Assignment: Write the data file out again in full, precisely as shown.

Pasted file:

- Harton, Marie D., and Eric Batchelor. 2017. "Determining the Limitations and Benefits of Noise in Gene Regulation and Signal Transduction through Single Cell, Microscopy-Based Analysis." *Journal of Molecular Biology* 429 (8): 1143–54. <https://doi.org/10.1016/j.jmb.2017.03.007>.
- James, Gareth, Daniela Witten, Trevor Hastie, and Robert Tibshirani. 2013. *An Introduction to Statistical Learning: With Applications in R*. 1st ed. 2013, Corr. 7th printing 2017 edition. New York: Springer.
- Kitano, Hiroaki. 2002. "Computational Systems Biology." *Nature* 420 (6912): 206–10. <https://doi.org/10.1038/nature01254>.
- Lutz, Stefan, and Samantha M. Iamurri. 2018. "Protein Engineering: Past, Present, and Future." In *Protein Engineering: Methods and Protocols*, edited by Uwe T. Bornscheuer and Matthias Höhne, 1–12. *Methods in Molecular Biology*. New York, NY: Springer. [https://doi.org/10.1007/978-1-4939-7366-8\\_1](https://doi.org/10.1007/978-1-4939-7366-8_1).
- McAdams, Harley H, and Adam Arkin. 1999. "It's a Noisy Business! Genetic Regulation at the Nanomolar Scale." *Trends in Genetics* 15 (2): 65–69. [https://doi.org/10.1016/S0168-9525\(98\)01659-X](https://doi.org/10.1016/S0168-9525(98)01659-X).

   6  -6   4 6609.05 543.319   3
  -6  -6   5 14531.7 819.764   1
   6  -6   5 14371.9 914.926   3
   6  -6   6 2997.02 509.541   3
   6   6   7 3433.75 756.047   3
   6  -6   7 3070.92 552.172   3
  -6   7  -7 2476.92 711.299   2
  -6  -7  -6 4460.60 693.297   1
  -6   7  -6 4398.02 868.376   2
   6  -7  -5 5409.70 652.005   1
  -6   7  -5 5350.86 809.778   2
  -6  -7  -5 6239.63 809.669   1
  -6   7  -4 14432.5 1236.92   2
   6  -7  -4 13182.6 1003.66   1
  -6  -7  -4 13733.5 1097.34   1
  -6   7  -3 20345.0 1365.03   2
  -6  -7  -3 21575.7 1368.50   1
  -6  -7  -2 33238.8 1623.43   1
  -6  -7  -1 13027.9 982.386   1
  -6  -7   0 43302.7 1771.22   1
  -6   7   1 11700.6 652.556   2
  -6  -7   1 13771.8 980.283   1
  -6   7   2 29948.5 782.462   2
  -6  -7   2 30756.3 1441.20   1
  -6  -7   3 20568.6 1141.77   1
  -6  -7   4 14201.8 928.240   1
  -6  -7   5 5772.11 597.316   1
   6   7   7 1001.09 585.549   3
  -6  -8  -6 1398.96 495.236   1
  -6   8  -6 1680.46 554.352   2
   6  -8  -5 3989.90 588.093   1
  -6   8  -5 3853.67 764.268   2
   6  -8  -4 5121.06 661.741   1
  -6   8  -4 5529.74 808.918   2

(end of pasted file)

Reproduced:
- Harton, Marie D., and Eric Batchelor. 2017. "Determining the Limitations and Benefits of Noise in Gene Regulation and Signal Transduction through Single Cell, Microscopy-Based Analysis." *Journal of Molecular Biology* 429 (8): 1143–54. <https://doi.org/10.1016/j.jmb.2017.03.007>.
- James, Gareth, Daniela Witten, Trevor Hastie, and Robert Tibshirani. 2013. *An Introduction to Statistical Learning: With Applications in R*. 1st ed. 2013, Corr. 7th printing 2017 edition. New York: Springer.
- Kitano, Hiroaki. 2002. "Computational Systems Biology." *Nature* 420 (6912): 206–10. <https://doi.org/10.1038/nature01254>.
- Lutz, Stefan, and Samantha M. Iamurri. 2018. "Protein Engineering: Past, Present, and Future." In *Protein Engineering: Methods and Protocols*, edited by Uwe T. Bornscheuer and Matthias Höhne, 1–12. *Methods in Molecular Biology*. New York, NY: Springer. [https://doi.org/10.1007/978-1-4939-7366-8\\_1](https://doi.org/10.1007/978-1-4939-7366-8_1).
- McAdams, Harley H, and Adam Arkin. 1999. "It's a Noisy Business! Genetic Regulation at the Nanomolar Scale." *Trends in Genetics* 15 (2): 65–69. [https://doi.org/10.1016/S0168-9525\(98\)01659-X](https://doi.org/10.1016/S0168-9525(98)01659-X).

   6  -6   4 6609.05 543.319   3
  -6  -6   5 14531.7 819.764   1
   6  -6   5 14371.9 914.926   3
   6  -6   6 2997.02 509.541   3
   6   6   7 3433.75 756.047   3
   6  -6   7 3070.92 552.172   3
  -6   7  -7 2476.92 711.299   2
  -6  -7  -6 4460.60 693.297   1
  -6   7  -6 4398.02 868.376   2
   6  -7  -5 5409.70 652.005   1
  -6   7  -5 5350.86 809.778   2
  -6  -7  -5 6239.63 809.669   1
  -6   7  -4 14432.5 1236.92   2
   6  -7  -4 13182.6 1003.66   1
  -6  -7  -4 13733.5 1097.34   1
  -6   7  -3 20345.0 1365.03   2
  -6  -7  -3 21575.7 1368.50   1
  -6  -7  -2 33238.8 1623.43   1
  -6  -7  -1 13027.9 982.386   1
  -6  -7   0 43302.7 1771.22   1
  -6   7   1 11700.6 652.556   2
  -6  -7   1 13771.8 980.283   1
  -6   7   2 29948.5 782.462   2
  -6  -7   2 30756.3 1441.20   1
  -6  -7   3 20568.6 1141.77   1
  -6  -7   4 14201.8 928.240   1
  -6  -7   5 5772.11 597.316   1
   6   7   7 1001.09 585.549   3
  -6  -8  -6 1398.96 495.236   1
  -6   8  -6 1680.46 554.352   2
   6  -8  -5 3989.90 588.093   1
  -6   8  -5 3853.67 764.268   2
   6  -8  -4 5121.06 661.741   1
  -6   8  -4 5529.74 808.918   2